Richard Montgomery

Portrait by Artist to Come

QUICK FACTS
BORN:
2 December 1738 in Swords, Ireland
  DIED:
31 December 1775 in Quebec City, Quebec
Buried at Quebec City; remains moved in 1818 to St. Paul’s Chapel, New York, NY

Richard Montgomery, British soldier in the Seven Years’ War and Continental Army officer during the American Revolution, was born in Dublin, Ireland, in 1736.

Educated at St Andrew’s and at Trinity College in Dublin, he entered the British army in 1756. He became captain six years later. He saw war service at Louisbourg (a fortress in Nova Scotia, Canada) in 1757 and in the Lake Champlain expedition of 1759. As an adjutant of his regiment (the 17th foot) he shared in the final threefold advance upon Montreal. Later he was present at Martinique and Havana.

In 1772 he left the army, settled in New York, and married a daughter of Robert R. Livingston. Three years later he was a delegate to the first Provincial Congress of New York and became brigadier-general in the Continental Army.

Montgomery was sent with General Philip Schuyler on the disastrous Canadian expedition to take Quebec City. And when Schuyler fell ill, the command became his. Hampered by the inclemency of the season and the gross indiscipline of the troops, he went forward, gaining a few minor successes and capturing the colors of the 7th (Royal) Fusiliers. At Point aux Trembles, he met up with Benedict Arnold’s contingent, and together they pushed on to Quebec. Barely 800 strong they nonetheless made an assault on 31 December 1775.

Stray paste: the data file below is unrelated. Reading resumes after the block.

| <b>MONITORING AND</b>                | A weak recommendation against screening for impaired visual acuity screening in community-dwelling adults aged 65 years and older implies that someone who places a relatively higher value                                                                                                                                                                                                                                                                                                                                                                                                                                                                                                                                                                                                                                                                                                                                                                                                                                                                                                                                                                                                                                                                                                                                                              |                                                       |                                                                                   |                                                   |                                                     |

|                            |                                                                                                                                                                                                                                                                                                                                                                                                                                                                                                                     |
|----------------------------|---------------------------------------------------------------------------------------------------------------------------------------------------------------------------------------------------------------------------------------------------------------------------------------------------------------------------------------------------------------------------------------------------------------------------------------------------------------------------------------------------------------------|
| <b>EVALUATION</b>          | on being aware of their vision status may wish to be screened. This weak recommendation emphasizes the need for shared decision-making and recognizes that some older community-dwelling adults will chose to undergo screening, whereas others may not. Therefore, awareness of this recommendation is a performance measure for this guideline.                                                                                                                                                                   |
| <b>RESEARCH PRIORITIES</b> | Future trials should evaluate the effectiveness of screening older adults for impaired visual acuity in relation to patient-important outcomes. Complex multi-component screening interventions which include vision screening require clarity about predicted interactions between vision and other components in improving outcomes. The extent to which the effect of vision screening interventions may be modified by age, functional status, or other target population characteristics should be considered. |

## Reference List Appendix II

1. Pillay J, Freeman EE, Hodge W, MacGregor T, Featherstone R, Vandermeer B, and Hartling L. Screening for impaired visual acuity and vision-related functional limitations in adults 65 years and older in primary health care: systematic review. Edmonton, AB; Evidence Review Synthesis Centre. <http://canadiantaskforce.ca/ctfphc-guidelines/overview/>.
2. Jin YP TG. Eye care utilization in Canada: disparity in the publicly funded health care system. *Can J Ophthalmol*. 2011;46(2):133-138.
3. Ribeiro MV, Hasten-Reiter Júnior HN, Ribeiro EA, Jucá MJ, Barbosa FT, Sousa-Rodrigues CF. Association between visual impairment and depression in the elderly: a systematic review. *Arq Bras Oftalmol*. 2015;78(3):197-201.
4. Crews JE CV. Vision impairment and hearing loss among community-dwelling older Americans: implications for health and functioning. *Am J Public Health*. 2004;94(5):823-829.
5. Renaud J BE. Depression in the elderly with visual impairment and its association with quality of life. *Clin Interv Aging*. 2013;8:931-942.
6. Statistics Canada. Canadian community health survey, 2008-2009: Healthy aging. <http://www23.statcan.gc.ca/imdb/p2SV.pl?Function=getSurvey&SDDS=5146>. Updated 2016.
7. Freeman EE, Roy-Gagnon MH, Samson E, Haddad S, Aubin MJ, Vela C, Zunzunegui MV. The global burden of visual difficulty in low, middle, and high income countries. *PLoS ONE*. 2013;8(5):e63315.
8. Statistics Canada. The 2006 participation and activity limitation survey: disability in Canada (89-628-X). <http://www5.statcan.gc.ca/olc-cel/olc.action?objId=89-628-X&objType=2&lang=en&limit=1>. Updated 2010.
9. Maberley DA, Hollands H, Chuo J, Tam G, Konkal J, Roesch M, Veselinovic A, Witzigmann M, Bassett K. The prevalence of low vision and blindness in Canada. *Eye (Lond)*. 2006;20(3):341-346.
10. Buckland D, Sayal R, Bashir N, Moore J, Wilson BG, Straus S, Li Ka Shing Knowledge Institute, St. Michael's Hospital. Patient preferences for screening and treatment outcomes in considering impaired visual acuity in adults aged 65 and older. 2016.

At almost the first discharge Montgomery was instantly killed.

The body of the American general was honorably interred by the Quebec garrison. Congress approved a memorial to be erected at St Paul’s Chapel in New York. And in 1818 his remains were transferred from Quebec and buried in the churchyard.

ADAPTED FROM:
Encyclopedia Britannica, 1911 ed.

But as an intellectual enterprise ... [Jefferson’s University of Virgina] proved less satisfactory to its creator when it opened the year before he died. The students turned out be not so much an aristocracy of virtue and talent as a gang of rowdy youths with a taste for drink, gambling, breaking windows, firing guns into the air, and thrashing professors who tried to stop them. The horrified Jefferson came down from his mountain to Charlottesville to reprimand them. Flanked by his dear friends and fellow trustees James Madison and James Monroe, the frail eighty-two-year-old patriarch drew himself up to his full six foot two, began to speak — and burst into tears.

Myron Magnet
The Founders at Home: The Building of America, 1735 - 1817 (2014)